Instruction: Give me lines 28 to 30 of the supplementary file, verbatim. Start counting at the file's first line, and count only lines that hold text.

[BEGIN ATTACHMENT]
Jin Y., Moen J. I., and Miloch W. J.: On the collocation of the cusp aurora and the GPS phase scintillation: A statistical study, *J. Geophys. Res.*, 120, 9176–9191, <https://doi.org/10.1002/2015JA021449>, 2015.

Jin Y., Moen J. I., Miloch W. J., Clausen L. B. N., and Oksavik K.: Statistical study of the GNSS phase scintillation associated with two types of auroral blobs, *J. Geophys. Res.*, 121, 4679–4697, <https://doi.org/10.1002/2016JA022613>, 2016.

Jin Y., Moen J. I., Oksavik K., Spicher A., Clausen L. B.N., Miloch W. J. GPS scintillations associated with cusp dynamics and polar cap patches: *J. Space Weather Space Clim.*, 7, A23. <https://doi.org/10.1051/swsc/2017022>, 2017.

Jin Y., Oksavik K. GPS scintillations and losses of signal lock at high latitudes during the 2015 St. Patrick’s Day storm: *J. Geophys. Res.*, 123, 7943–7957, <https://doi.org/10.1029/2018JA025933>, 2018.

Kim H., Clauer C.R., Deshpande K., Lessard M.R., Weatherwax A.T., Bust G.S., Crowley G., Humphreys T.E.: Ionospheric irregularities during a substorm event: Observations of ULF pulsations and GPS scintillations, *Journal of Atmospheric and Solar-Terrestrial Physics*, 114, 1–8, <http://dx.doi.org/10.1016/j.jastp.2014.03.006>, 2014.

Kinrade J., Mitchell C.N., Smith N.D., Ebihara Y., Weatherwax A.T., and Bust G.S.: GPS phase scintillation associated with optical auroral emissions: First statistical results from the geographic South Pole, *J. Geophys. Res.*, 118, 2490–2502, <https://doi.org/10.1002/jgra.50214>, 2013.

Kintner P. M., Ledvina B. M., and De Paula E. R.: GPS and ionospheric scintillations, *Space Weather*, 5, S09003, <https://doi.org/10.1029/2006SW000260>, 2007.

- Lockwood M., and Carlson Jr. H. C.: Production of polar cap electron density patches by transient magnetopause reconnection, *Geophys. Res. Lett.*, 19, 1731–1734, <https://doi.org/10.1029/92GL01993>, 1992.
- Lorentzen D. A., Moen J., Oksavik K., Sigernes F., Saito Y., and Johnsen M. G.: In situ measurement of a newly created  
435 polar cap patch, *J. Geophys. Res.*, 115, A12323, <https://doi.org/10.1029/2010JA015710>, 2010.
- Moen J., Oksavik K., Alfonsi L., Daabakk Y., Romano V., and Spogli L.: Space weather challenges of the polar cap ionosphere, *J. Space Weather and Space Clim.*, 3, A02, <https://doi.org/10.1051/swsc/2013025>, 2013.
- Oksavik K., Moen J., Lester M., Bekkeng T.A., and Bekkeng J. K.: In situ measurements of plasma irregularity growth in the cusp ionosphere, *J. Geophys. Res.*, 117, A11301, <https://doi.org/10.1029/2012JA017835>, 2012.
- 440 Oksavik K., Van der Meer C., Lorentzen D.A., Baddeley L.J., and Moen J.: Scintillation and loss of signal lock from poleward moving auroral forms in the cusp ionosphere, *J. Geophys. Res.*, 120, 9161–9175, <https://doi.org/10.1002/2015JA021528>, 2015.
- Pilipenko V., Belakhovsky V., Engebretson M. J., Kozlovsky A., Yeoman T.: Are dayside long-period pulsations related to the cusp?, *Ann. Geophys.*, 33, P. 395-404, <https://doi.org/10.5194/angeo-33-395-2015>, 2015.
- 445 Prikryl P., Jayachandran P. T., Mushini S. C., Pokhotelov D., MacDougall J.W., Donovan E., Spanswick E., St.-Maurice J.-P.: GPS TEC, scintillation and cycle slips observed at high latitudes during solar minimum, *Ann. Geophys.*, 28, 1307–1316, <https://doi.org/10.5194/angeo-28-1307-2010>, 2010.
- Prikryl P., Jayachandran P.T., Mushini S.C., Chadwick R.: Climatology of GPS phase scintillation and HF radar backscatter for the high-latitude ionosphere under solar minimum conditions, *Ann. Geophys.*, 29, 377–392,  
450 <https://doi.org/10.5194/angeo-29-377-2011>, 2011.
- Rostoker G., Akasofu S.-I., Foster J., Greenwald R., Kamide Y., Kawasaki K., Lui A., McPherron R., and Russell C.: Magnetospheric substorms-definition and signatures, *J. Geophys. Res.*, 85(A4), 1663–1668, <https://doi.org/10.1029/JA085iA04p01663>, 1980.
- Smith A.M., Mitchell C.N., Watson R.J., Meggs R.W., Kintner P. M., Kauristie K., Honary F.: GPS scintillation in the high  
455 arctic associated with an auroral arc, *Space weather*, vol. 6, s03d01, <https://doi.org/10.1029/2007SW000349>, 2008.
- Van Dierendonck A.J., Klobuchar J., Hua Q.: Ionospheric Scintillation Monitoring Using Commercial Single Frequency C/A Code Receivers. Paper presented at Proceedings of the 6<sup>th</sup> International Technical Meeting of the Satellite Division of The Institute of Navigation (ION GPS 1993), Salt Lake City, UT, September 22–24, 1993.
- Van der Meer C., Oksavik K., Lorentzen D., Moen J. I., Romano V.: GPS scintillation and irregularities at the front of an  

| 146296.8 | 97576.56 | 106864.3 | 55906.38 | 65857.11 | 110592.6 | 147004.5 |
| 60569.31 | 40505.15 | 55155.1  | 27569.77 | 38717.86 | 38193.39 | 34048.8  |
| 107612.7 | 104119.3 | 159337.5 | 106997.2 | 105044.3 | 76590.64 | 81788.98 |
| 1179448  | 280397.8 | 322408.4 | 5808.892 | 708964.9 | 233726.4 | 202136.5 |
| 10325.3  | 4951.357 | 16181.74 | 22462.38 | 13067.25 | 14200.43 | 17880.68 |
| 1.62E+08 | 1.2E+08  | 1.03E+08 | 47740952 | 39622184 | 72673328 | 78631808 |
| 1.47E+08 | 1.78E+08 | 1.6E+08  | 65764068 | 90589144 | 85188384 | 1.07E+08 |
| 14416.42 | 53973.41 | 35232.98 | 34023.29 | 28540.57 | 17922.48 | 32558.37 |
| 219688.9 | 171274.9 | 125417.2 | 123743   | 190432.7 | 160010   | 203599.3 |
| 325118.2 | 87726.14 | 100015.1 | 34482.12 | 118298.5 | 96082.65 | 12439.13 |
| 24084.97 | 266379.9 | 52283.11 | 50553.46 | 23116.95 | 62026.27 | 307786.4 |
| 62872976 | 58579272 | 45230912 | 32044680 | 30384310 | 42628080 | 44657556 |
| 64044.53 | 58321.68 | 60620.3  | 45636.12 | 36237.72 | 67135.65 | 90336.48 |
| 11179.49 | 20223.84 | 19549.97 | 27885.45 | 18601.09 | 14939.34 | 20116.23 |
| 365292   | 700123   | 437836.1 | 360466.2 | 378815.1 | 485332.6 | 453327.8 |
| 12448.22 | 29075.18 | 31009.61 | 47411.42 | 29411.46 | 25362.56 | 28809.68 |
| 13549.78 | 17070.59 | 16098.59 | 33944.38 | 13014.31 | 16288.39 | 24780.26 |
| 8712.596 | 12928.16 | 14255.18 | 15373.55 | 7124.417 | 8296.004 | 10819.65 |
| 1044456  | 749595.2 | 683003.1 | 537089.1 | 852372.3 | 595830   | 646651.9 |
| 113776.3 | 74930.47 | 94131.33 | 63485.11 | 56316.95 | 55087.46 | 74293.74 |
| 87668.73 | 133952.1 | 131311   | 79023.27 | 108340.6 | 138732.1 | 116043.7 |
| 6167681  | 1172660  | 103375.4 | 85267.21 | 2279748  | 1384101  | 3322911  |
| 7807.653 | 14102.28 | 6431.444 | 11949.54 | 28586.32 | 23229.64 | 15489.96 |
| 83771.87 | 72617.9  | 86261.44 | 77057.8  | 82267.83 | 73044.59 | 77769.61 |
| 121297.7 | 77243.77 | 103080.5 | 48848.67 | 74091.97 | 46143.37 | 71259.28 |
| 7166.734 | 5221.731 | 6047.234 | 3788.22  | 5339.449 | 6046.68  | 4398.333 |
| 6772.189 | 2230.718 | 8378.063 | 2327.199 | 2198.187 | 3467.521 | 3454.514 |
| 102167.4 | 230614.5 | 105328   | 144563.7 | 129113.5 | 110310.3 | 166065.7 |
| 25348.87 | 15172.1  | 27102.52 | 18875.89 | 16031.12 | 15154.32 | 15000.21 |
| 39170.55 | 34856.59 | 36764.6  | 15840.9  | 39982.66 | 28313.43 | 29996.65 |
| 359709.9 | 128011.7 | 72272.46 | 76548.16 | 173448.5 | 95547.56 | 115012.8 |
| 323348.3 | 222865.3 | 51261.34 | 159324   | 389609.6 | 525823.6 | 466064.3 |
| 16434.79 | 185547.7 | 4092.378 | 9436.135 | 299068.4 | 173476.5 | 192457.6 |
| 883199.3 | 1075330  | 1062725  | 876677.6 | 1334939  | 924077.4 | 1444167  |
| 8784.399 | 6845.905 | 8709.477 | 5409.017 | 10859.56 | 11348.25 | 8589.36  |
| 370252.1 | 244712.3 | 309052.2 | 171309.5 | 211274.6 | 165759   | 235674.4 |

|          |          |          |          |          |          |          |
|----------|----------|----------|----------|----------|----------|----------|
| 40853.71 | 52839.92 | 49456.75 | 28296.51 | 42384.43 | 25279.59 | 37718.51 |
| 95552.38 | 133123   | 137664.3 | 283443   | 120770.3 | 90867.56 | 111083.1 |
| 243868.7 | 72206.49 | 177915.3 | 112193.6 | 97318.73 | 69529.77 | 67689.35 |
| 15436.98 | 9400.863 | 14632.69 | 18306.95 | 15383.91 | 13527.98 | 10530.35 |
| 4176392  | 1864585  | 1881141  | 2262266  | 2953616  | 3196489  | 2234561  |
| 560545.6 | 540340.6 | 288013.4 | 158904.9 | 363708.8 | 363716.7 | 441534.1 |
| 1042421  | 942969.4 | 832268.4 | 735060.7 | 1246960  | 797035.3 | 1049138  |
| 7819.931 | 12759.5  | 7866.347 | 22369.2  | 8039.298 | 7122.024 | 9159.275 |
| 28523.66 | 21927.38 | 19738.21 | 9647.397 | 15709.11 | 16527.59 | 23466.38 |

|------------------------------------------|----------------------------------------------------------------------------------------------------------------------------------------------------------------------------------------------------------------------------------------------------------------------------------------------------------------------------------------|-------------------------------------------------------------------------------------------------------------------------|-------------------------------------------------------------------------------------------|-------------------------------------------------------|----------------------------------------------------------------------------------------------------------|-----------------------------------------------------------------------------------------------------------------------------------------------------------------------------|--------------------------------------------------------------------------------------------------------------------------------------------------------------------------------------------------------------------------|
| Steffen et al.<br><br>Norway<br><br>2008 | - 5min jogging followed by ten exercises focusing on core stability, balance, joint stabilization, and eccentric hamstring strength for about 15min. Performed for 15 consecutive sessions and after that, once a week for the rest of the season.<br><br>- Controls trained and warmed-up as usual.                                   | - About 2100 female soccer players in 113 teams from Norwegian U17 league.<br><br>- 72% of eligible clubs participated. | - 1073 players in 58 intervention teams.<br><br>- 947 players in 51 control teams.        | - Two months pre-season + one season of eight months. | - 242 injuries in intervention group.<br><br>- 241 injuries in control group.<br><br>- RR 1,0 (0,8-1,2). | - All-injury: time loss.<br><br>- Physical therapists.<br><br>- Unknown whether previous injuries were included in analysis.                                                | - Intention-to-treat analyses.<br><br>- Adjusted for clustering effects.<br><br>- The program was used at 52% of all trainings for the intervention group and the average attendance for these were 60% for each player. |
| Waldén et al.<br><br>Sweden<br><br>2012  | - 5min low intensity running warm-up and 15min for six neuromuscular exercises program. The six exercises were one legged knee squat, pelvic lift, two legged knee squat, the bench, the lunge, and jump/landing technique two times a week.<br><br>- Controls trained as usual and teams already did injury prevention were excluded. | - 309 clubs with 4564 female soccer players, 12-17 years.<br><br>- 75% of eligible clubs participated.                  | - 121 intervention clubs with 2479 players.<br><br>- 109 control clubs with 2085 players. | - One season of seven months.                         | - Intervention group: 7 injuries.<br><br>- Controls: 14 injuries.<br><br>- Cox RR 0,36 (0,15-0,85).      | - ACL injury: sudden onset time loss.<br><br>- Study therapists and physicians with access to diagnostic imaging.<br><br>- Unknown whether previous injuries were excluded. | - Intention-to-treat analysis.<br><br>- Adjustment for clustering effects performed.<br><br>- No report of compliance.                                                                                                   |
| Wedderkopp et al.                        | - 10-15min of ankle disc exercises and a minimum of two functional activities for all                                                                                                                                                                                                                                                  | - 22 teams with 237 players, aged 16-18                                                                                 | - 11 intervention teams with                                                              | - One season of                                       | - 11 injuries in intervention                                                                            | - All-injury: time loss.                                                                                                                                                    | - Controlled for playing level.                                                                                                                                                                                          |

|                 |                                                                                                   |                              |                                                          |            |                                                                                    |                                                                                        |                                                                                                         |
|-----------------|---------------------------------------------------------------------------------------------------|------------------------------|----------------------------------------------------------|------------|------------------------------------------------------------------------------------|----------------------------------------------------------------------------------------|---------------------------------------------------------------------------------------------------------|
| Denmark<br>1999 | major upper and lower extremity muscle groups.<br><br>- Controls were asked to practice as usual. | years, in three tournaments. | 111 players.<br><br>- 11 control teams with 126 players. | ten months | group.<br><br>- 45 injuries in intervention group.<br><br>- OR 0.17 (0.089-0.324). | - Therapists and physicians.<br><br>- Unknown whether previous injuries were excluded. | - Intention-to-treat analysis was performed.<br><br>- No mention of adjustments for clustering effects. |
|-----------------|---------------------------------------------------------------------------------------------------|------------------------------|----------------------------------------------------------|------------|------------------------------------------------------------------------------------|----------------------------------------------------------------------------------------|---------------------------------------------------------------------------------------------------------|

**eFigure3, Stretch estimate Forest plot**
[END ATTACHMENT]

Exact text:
| 1.62E+08 | 1.2E+08  | 1.03E+08 | 47740952 | 39622184 | 72673328 | 78631808 |
| 1.47E+08 | 1.78E+08 | 1.6E+08  | 65764068 | 90589144 | 85188384 | 1.07E+08 |
| 14416.42 | 53973.41 | 35232.98 | 34023.29 | 28540.57 | 17922.48 | 32558.37 |